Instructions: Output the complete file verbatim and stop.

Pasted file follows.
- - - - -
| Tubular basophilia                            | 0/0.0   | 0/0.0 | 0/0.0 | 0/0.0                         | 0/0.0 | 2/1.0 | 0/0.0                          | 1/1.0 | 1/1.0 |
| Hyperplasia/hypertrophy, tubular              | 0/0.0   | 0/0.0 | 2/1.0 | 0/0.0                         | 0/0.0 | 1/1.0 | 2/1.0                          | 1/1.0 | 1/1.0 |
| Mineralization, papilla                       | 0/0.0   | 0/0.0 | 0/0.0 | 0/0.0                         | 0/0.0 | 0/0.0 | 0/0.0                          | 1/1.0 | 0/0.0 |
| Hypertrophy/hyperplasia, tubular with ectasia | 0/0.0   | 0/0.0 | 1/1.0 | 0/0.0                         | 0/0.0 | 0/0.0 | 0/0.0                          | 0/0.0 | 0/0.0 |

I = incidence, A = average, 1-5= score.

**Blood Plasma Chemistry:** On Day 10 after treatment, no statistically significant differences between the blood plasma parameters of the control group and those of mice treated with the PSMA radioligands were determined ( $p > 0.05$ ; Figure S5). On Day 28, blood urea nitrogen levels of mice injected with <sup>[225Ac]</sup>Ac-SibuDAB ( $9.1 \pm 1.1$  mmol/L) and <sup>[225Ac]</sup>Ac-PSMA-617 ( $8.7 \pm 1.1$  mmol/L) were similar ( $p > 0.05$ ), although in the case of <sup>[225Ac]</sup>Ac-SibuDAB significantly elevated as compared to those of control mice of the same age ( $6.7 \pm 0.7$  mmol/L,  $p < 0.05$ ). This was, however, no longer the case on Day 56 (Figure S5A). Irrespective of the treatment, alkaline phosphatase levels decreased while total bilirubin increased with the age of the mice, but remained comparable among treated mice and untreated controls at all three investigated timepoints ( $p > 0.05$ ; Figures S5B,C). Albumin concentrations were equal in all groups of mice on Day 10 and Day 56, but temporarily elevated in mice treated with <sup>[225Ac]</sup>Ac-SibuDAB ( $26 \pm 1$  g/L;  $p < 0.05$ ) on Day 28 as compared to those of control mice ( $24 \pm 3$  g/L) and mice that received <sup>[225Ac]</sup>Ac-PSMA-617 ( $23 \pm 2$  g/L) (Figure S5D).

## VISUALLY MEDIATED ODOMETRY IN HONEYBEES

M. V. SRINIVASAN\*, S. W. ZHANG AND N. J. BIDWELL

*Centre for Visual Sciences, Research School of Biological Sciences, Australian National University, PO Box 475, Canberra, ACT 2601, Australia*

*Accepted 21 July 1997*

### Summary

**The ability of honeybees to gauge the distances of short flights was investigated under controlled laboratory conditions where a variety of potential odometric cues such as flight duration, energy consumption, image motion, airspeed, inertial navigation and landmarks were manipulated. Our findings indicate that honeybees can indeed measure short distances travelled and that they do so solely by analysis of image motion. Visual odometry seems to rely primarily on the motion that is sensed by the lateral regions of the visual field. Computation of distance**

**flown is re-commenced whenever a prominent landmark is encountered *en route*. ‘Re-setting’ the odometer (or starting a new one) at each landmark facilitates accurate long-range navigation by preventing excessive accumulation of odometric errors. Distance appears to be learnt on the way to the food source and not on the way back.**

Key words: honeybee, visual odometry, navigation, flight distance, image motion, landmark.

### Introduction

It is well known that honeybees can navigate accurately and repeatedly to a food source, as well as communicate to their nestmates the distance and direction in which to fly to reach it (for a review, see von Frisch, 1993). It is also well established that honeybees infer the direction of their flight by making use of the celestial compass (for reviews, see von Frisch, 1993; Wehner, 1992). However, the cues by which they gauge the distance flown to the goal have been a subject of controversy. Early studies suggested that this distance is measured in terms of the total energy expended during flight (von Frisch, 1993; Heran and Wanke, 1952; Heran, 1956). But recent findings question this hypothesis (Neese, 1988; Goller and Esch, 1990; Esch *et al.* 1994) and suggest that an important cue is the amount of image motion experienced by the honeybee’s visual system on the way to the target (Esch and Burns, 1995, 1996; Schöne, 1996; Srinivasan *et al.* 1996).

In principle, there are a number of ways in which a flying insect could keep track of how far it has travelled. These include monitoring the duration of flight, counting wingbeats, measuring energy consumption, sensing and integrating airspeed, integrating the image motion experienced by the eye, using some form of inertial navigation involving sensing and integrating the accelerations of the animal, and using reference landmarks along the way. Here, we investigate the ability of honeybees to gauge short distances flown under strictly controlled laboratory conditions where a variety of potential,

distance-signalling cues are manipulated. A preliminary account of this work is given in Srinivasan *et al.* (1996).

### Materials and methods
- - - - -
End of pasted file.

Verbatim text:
| Tubular basophilia                            | 0/0.0   | 0/0.0 | 0/0.0 | 0/0.0                         | 0/0.0 | 2/1.0 | 0/0.0                          | 1/1.0 | 1/1.0 |
| Hyperplasia/hypertrophy, tubular              | 0/0.0   | 0/0.0 | 2/1.0 | 0/0.0                         | 0/0.0 | 1/1.0 | 2/1.0                          | 1/1.0 | 1/1.0 |
| Mineralization, papilla                       | 0/0.0   | 0/0.0 | 0/0.0 | 0/0.0                         | 0/0.0 | 0/0.0 | 0/0.0                          | 1/1.0 | 0/0.0 |
| Hypertrophy/hyperplasia, tubular with ectasia | 0/0.0   | 0/0.0 | 1/1.0 | 0/0.0                         | 0/0.0 | 0/0.0 | 0/0.0                          | 0/0.0 | 0/0.0 |

I = incidence, A = average, 1-5= score.

**Blood Plasma Chemistry:** On Day 10 after treatment, no statistically significant differences between the blood plasma parameters of the control group and those of mice treated with the PSMA radioligands were determined ( $p > 0.05$ ; Figure S5). On Day 28, blood urea nitrogen levels of mice injected with <sup>[225Ac]</sup>Ac-SibuDAB ( $9.1 \pm 1.1$  mmol/L) and <sup>[225Ac]</sup>Ac-PSMA-617 ( $8.7 \pm 1.1$  mmol/L) were similar ( $p > 0.05$ ), although in the case of <sup>[225Ac]</sup>Ac-SibuDAB significantly elevated as compared to those of control mice of the same age ( $6.7 \pm 0.7$  mmol/L,  $p < 0.05$ ). This was, however, no longer the case on Day 56 (Figure S5A). Irrespective of the treatment, alkaline phosphatase levels decreased while total bilirubin increased with the age of the mice, but remained comparable among treated mice and untreated controls at all three investigated timepoints ( $p > 0.05$ ; Figures S5B,C). Albumin concentrations were equal in all groups of mice on Day 10 and Day 56, but temporarily elevated in mice treated with <sup>[225Ac]</sup>Ac-SibuDAB ( $26 \pm 1$  g/L;  $p < 0.05$ ) on Day 28 as compared to those of control mice ( $24 \pm 3$  g/L) and mice that received <sup>[225Ac]</sup>Ac-PSMA-617 ( $23 \pm 2$  g/L) (Figure S5D).

## VISUALLY MEDIATED ODOMETRY IN HONEYBEES

M. V. SRINIVASAN\*, S. W. ZHANG AND N. J. BIDWELL

*Centre for Visual Sciences, Research School of Biological Sciences, Australian National University, PO Box 475, Canberra, ACT 2601, Australia*

*Accepted 21 July 1997*

### Summary

**The ability of honeybees to gauge the distances of short flights was investigated under controlled laboratory conditions where a variety of potential odometric cues such as flight duration, energy consumption, image motion, airspeed, inertial navigation and landmarks were manipulated. Our findings indicate that honeybees can indeed measure short distances travelled and that they do so solely by analysis of image motion. Visual odometry seems to rely primarily on the motion that is sensed by the lateral regions of the visual field. Computation of distance**

**flown is re-commenced whenever a prominent landmark is encountered *en route*. ‘Re-setting’ the odometer (or starting a new one) at each landmark facilitates accurate long-range navigation by preventing excessive accumulation of odometric errors. Distance appears to be learnt on the way to the food source and not on the way back.**

Key words: honeybee, visual odometry, navigation, flight distance, image motion, landmark.

### Introduction

It is well known that honeybees can navigate accurately and repeatedly to a food source, as well as communicate to their nestmates the distance and direction in which to fly to reach it (for a review, see von Frisch, 1993). It is also well established that honeybees infer the direction of their flight by making use of the celestial compass (for reviews, see von Frisch, 1993; Wehner, 1992). However, the cues by which they gauge the distance flown to the goal have been a subject of controversy. Early studies suggested that this distance is measured in terms of the total energy expended during flight (von Frisch, 1993; Heran and Wanke, 1952; Heran, 1956). But recent findings question this hypothesis (Neese, 1988; Goller and Esch, 1990; Esch *et al.* 1994) and suggest that an important cue is the amount of image motion experienced by the honeybee’s visual system on the way to the target (Esch and Burns, 1995, 1996; Schöne, 1996; Srinivasan *et al.* 1996).

In principle, there are a number of ways in which a flying insect could keep track of how far it has travelled. These include monitoring the duration of flight, counting wingbeats, measuring energy consumption, sensing and integrating airspeed, integrating the image motion experienced by the eye, using some form of inertial navigation involving sensing and integrating the accelerations of the animal, and using reference landmarks along the way. Here, we investigate the ability of honeybees to gauge short distances flown under strictly controlled laboratory conditions where a variety of potential,

distance-signalling cues are manipulated. A preliminary account of this work is given in Srinivasan *et al.* (1996).

### Materials and methods